You’re in a band that plays reggae but you’re bored of it – reggae has lost its appeal since you joined the group and you’d really rather be playing ska (aka reggae at twice the speed). One day at a band meeting you bring up the topic of playing something faster and less reggae-ish, but the rest of the band don’t like it – they shoot your idea down in a puff of green smoke more potent than G-Dragon’s special stash. You’ve got a few choices at this point:
- Put up and shut up, try not to let it bother you too much
- Leave and join another group or start your own project (and then have to deal with whoever you recruit potentially not liking your musical direction)
- Continually try to convince the others and be a thorn in their side until you get your way, or until they get pissed off enough to kick you out
“Creative differences” is politically correct music industry press release code for “I’m trapped in this band because it’s my bread and butter but I think this music sucks fucking dick and if I have to play this crap for the rest of my life I might end up killing someone”, and the decision to stay or leave involves weighing up the factors of personal fulfillment in music vs how much you give a fuck about the money. It’s not always an easy decision for someone to make, because most musicians do aspire to making a living from music, and most of them also do want to play music which doesn’t lick a dead rhino’s ballsack… but you can’t always have it both ways, unfortunately.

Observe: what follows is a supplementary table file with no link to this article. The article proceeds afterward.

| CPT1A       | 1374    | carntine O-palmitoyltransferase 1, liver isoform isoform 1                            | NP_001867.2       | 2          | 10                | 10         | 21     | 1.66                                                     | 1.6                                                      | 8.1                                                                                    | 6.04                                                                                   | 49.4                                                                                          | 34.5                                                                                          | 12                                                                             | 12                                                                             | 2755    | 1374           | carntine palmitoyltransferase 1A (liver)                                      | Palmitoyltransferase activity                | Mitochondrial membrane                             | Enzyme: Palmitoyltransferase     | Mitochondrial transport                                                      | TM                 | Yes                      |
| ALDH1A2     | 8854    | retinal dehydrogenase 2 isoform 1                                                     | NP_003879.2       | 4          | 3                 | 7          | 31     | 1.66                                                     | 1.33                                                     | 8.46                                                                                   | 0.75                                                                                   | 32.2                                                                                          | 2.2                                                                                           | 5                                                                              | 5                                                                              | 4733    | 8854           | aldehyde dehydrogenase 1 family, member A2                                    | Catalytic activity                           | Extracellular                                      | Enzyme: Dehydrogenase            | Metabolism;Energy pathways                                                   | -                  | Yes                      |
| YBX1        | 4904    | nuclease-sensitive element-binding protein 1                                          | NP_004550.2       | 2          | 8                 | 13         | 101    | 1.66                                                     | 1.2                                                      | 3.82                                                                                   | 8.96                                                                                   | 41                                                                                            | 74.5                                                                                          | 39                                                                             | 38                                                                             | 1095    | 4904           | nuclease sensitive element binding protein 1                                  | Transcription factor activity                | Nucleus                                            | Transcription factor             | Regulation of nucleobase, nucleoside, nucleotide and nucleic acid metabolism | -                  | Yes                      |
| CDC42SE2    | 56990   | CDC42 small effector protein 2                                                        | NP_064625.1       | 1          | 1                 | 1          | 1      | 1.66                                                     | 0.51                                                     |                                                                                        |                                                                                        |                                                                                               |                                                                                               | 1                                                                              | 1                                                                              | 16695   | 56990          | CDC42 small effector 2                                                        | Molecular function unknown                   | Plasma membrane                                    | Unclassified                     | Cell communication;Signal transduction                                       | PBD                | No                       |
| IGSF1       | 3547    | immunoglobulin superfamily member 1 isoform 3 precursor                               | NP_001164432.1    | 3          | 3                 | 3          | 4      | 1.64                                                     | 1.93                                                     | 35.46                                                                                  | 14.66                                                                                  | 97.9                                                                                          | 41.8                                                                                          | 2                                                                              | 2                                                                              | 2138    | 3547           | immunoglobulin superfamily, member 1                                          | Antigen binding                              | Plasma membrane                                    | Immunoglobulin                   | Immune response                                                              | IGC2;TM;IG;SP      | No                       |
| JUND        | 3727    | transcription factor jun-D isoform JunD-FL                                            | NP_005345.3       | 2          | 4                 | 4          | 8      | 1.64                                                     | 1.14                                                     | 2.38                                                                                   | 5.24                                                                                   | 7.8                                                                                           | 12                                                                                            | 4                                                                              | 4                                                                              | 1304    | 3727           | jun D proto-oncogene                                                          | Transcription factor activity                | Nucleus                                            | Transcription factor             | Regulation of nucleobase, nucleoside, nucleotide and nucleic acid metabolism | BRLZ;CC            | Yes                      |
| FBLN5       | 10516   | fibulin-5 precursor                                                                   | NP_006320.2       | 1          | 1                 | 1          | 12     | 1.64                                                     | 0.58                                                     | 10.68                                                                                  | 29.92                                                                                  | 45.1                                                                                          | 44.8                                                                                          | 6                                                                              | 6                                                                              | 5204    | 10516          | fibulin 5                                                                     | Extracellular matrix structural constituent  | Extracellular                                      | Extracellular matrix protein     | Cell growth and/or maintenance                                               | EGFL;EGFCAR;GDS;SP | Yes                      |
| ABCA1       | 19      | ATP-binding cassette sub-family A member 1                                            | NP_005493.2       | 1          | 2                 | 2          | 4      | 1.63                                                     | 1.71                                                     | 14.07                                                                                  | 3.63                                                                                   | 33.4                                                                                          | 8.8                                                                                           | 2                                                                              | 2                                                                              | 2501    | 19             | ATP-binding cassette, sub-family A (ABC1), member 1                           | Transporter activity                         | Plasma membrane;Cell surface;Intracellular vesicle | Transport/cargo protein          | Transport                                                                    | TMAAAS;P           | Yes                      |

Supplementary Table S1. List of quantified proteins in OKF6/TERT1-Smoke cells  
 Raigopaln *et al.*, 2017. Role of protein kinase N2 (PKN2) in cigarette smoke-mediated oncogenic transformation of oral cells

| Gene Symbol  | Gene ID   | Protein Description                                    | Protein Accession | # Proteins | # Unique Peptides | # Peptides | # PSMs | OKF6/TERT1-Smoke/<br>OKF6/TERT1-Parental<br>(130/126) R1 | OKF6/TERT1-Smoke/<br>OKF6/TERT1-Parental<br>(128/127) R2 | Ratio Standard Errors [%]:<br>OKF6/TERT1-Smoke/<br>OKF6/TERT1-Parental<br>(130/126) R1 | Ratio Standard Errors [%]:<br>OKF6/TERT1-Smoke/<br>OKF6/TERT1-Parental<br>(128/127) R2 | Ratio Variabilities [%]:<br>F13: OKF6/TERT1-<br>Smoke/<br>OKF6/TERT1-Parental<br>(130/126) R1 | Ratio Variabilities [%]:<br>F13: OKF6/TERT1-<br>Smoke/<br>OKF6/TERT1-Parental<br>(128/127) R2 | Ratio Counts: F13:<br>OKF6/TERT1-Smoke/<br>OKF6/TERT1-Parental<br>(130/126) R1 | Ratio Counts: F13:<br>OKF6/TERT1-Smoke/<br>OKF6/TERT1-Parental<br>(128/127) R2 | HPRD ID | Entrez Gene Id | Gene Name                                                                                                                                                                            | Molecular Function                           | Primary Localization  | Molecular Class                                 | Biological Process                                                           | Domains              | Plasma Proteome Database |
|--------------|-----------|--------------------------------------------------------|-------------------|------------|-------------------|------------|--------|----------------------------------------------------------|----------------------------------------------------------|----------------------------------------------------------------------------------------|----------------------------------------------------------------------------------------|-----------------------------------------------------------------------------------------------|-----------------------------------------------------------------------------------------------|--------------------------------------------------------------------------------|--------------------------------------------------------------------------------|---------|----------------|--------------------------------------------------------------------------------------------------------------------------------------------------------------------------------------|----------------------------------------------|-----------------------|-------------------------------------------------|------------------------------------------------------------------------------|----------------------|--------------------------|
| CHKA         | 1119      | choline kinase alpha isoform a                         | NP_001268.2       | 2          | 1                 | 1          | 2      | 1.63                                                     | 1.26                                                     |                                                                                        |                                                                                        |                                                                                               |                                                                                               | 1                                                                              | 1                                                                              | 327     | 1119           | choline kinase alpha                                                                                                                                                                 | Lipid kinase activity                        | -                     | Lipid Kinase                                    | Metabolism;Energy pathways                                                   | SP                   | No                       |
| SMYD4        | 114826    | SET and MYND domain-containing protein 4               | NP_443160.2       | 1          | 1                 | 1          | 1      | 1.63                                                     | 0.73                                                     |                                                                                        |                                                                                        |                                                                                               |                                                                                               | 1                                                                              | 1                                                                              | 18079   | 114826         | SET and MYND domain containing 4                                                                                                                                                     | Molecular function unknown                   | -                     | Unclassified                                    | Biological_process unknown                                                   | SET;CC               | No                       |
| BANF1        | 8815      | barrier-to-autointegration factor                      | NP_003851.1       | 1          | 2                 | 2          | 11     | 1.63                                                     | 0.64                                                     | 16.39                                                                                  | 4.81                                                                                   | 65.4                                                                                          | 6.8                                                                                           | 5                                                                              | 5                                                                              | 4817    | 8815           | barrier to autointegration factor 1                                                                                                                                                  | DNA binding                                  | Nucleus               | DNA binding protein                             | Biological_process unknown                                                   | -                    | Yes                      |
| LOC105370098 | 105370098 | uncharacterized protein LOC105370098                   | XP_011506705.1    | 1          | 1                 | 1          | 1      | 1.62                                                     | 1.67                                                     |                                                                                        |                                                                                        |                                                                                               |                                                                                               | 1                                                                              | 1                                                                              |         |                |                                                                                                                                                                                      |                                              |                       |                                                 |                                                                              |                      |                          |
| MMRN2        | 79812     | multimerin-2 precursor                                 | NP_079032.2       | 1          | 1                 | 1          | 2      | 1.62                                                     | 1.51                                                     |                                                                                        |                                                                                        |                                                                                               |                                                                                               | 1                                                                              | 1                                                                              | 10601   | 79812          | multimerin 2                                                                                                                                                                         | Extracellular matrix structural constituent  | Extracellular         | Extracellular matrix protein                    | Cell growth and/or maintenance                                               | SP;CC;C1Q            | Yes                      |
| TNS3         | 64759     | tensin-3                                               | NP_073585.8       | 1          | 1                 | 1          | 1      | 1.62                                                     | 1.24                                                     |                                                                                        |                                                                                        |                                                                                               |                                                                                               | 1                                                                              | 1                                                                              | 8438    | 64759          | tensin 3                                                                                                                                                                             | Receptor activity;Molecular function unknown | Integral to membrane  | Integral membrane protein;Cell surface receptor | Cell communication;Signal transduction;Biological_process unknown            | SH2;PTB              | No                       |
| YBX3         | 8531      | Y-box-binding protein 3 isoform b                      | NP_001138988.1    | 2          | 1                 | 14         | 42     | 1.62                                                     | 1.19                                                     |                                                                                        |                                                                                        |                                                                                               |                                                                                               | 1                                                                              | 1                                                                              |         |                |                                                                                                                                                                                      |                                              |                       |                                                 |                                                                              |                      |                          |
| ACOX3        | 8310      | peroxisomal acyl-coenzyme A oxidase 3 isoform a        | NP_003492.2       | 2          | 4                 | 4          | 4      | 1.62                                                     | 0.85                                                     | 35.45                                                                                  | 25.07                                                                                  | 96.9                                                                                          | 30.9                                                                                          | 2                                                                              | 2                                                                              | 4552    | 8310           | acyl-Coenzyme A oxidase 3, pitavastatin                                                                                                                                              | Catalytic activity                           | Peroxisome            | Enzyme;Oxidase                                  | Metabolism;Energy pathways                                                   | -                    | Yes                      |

How relevant is this to k-pop line-up changes? Not much, because k-pop groups don’t get to decide their musical direction anyway, so they’ve generally already accepted the deal of “sing this song exactly the way we tell you, I don’t care if you hate how it sounds”. There’s nobody to have a “creative difference” with except management, because they’re the ones who are deciding your musical and creative direction, so this isn’t a factor that makes k-pop groups fall apart, but rather one that pits the groups against their managers. Think of the fights between HA:TFELT and JYP as a recent example, and there’s a good chance that Block B had creative control issues with their previous company as well – think about how their sound has changed since leaving. You can rest assured that your bias didn’t leave his or her group for this reason though, if anything it probably solidified them against their company. Let’s move on to:
2. PERSONAL DIFFERENCES
No person on the planet gets along with everybody perfectly, and people with very similar or very different personalities can clash often. Personality clashes that may not bother you with a friend, or even a close friend, are exacerbated greatly by having to work together as a musical unit, because the amount of personal space you get from each other is severely diminished. Months of continuous travel together sharing the same cramped spaces (only absolutely A-list groups travel in anything approaching luxury) can turn someone that you care about into someone who you’ll really rather just get the fuck away from. “Personal differences” is politically correct music industry press release code for “I can’t stand those fucking other cunts”, or “fuck that stupid retarded bitch, let’s kick her out”…. and when you hear about a group splitting because of “creative and personal differences”, then you know that shit really hit the fucking fan one day in the practice room.